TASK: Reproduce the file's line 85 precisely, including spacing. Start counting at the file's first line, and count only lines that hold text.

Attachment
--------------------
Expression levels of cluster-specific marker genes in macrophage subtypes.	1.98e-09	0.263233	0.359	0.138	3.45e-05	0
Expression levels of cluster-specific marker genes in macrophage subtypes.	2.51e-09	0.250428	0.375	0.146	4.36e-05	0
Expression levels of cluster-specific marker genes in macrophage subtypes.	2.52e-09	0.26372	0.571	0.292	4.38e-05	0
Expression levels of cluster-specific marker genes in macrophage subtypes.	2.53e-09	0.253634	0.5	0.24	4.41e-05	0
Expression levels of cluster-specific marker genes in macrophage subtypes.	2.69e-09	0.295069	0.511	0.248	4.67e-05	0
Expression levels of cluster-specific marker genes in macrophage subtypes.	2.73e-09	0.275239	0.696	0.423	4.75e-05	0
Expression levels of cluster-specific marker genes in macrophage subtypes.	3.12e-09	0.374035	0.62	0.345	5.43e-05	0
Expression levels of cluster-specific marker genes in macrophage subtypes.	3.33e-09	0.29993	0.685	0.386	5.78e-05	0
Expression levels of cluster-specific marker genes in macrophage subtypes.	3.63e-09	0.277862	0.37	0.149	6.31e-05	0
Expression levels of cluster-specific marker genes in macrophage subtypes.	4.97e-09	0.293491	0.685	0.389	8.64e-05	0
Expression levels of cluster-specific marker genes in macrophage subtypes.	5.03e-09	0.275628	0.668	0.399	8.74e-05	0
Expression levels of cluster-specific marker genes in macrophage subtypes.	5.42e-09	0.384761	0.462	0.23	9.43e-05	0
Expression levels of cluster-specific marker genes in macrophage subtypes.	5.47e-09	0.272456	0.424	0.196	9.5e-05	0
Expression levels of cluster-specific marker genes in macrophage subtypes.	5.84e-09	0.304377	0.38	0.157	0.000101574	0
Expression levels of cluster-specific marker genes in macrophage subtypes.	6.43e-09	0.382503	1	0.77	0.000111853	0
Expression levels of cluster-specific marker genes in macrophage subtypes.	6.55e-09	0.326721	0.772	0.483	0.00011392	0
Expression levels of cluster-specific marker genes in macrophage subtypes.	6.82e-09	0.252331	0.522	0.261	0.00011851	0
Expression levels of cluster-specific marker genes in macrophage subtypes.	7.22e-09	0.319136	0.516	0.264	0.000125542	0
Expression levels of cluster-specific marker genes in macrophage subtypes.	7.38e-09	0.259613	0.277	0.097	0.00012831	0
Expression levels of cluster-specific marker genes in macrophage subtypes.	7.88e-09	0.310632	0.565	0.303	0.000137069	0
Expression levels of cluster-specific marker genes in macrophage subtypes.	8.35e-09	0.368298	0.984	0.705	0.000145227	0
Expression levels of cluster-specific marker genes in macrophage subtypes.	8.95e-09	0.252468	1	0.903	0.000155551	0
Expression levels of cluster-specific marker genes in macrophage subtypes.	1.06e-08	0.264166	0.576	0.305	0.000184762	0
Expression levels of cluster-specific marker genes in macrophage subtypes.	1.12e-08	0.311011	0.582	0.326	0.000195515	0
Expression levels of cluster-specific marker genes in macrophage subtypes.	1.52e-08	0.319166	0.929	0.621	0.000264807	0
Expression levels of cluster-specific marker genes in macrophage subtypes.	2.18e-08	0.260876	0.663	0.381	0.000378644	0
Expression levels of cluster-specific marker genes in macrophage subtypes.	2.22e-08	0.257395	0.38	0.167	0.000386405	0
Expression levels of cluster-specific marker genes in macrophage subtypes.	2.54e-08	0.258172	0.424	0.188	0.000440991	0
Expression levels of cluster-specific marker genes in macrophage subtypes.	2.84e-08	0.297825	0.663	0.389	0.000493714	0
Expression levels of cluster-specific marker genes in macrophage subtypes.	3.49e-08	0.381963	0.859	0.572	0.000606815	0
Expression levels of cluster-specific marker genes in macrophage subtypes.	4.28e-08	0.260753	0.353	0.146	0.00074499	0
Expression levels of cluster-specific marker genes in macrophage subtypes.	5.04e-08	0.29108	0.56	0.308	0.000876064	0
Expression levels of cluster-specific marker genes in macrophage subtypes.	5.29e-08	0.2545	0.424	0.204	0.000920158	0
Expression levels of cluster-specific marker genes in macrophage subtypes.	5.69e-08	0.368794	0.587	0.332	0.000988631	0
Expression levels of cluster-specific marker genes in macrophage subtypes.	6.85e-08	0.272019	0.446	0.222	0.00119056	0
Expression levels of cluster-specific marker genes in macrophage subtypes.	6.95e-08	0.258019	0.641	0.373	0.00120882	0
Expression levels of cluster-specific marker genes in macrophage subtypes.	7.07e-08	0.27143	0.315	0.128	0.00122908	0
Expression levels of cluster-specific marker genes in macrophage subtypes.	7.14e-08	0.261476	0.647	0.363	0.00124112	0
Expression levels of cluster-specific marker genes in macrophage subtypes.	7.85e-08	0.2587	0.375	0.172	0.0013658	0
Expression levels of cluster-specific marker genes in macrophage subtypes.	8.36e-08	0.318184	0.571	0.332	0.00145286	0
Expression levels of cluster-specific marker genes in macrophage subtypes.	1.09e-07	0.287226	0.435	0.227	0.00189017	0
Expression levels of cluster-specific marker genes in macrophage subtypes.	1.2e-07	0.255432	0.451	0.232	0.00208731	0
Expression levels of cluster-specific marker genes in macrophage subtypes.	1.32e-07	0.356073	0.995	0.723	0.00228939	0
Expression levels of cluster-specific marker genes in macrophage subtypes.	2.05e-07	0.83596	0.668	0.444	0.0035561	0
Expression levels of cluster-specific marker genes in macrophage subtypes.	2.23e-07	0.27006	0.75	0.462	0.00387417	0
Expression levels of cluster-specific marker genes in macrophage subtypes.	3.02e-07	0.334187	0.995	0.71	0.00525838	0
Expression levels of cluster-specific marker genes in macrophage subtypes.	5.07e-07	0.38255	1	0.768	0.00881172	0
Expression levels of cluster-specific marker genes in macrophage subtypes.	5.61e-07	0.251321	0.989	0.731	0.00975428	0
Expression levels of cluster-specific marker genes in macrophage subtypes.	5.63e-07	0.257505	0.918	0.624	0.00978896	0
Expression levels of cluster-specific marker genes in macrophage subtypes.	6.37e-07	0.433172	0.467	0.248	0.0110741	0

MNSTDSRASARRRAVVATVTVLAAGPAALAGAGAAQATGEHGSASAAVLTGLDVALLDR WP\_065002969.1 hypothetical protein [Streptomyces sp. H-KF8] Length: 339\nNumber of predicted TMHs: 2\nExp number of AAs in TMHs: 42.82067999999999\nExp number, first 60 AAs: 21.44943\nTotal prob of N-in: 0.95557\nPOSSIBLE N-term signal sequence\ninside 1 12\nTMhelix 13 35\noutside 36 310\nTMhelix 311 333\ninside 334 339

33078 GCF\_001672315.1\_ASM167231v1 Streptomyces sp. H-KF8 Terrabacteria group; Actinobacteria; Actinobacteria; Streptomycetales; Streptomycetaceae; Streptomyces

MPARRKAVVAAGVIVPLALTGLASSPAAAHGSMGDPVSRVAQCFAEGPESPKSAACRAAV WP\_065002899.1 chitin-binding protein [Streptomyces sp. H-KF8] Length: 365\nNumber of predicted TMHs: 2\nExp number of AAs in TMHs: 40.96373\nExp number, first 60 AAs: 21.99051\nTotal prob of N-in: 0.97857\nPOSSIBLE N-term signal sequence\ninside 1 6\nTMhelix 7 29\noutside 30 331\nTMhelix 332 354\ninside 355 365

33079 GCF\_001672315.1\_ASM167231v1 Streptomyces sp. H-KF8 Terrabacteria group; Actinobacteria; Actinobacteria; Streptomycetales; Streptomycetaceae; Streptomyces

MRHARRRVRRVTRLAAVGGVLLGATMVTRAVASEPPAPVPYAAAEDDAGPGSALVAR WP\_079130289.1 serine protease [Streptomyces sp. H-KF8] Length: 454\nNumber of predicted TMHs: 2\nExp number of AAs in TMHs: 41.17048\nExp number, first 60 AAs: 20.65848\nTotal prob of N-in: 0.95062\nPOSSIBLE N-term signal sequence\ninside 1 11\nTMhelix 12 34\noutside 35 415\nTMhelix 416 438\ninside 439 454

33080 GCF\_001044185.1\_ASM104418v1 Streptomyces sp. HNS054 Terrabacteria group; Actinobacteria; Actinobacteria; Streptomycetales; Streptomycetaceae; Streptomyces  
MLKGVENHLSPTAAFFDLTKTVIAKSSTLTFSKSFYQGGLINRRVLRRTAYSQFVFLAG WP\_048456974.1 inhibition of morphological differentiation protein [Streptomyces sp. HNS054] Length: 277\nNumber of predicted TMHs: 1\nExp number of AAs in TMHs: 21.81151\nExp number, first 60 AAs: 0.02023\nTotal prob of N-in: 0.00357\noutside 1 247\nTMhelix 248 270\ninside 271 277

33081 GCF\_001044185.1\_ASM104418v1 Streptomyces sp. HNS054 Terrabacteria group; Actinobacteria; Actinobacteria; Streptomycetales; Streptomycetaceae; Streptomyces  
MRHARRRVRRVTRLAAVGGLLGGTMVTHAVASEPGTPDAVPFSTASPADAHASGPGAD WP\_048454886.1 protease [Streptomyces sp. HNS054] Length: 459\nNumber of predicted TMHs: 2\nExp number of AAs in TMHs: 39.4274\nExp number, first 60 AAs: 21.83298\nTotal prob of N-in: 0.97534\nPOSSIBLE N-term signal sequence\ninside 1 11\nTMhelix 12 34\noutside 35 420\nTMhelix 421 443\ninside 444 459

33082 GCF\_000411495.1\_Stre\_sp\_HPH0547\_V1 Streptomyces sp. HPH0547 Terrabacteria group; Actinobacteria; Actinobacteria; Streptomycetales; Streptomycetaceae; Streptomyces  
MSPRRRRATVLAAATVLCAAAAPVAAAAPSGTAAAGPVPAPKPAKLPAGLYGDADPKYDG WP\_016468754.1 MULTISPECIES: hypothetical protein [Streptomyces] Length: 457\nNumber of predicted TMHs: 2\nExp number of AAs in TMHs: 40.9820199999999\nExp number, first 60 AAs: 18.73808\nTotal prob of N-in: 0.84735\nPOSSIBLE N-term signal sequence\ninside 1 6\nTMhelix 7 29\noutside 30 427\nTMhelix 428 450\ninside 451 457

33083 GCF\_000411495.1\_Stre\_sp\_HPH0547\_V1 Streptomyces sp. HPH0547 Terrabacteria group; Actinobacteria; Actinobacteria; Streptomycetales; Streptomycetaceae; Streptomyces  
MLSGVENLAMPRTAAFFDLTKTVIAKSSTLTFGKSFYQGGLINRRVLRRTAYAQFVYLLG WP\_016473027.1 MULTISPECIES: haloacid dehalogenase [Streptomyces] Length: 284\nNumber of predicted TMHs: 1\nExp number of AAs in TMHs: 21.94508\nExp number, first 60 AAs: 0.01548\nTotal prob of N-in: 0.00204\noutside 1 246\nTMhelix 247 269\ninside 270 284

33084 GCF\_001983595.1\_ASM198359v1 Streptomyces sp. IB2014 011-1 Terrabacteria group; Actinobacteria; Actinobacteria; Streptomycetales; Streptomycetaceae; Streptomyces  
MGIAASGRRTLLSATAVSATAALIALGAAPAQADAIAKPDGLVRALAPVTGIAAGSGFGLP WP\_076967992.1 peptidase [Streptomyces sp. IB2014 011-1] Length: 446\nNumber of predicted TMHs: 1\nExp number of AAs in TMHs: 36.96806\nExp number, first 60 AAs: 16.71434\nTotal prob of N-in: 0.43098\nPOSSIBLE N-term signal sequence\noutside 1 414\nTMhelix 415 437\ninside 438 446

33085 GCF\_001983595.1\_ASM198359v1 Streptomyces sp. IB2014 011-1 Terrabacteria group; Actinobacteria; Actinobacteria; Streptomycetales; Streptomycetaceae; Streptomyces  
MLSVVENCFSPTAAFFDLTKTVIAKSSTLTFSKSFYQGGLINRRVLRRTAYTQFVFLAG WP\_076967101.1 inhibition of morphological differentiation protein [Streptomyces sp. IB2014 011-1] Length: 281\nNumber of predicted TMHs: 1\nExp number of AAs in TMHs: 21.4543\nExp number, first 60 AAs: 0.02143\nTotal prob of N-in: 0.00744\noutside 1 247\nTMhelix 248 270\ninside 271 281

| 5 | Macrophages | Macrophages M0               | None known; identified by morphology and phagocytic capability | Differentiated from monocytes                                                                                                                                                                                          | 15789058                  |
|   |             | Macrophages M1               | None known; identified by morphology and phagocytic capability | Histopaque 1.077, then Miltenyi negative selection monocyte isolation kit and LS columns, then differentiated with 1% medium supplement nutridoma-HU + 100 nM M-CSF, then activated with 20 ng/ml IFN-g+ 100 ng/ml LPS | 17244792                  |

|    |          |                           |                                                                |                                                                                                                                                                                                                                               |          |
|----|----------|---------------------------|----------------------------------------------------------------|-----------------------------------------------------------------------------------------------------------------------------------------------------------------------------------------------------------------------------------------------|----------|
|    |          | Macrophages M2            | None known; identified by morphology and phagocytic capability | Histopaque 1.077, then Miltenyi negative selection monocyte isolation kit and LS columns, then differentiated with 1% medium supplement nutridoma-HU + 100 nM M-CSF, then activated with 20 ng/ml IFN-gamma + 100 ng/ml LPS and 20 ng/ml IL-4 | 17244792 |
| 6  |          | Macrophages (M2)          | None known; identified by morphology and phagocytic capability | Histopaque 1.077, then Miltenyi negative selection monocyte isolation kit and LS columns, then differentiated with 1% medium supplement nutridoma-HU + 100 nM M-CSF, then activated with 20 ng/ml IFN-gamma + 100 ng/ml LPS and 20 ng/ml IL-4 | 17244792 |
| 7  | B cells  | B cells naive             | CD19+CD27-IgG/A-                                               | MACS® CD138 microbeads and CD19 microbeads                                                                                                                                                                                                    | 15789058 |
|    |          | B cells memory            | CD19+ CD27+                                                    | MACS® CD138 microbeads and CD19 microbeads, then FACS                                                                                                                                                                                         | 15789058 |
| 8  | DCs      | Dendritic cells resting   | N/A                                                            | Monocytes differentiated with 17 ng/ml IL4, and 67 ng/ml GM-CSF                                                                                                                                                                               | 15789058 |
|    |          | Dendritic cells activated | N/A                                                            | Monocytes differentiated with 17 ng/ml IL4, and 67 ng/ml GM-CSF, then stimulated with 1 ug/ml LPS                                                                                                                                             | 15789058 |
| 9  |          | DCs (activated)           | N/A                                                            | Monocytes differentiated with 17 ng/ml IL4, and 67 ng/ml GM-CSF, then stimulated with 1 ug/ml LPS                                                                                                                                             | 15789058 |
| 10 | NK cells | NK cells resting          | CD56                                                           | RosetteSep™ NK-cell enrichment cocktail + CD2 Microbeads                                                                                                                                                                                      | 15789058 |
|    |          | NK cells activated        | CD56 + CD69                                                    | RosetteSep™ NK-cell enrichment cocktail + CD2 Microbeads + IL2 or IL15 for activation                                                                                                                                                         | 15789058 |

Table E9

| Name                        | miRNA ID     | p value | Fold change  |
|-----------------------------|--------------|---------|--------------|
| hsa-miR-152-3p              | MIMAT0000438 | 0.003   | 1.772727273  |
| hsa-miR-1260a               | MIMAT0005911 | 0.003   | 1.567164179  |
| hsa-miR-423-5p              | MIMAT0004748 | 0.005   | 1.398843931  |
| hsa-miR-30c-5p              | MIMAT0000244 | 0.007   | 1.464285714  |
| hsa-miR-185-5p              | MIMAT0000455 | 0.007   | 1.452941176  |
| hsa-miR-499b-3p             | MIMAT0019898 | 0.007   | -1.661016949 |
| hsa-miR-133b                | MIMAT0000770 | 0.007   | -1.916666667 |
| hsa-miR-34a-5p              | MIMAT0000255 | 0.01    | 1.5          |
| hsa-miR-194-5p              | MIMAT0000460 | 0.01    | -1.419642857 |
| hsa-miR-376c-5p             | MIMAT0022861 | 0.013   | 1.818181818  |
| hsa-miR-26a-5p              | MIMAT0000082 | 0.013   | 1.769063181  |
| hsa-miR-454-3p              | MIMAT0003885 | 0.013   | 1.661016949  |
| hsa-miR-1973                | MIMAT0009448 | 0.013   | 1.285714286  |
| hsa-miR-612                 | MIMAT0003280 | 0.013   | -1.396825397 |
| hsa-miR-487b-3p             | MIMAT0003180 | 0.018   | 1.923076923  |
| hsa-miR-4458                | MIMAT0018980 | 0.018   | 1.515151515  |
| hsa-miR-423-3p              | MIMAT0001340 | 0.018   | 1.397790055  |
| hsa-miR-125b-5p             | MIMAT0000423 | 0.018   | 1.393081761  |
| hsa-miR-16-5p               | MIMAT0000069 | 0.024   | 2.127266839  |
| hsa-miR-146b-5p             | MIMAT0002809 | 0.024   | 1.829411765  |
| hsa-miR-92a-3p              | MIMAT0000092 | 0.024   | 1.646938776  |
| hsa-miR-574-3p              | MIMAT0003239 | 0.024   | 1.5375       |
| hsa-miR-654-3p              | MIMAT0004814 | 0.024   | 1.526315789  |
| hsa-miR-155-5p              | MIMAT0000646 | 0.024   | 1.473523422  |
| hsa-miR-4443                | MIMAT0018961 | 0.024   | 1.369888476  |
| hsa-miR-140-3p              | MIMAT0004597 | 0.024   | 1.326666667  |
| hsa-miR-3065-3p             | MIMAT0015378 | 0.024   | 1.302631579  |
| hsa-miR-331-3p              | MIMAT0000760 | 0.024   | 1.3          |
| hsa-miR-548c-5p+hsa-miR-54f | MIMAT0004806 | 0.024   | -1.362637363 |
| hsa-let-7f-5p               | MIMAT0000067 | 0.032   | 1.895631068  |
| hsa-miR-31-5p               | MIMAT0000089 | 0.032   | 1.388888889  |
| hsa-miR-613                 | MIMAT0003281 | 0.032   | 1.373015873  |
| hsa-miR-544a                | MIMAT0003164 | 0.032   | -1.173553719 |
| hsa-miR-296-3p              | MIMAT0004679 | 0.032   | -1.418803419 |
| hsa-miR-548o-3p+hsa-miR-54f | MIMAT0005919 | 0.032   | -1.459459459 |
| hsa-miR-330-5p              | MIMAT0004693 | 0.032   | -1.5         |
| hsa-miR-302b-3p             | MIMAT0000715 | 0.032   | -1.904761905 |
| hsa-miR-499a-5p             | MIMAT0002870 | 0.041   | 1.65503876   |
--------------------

| hsa-miR-1260a               | MIMAT0005911 | 0.003   | 1.567164179  |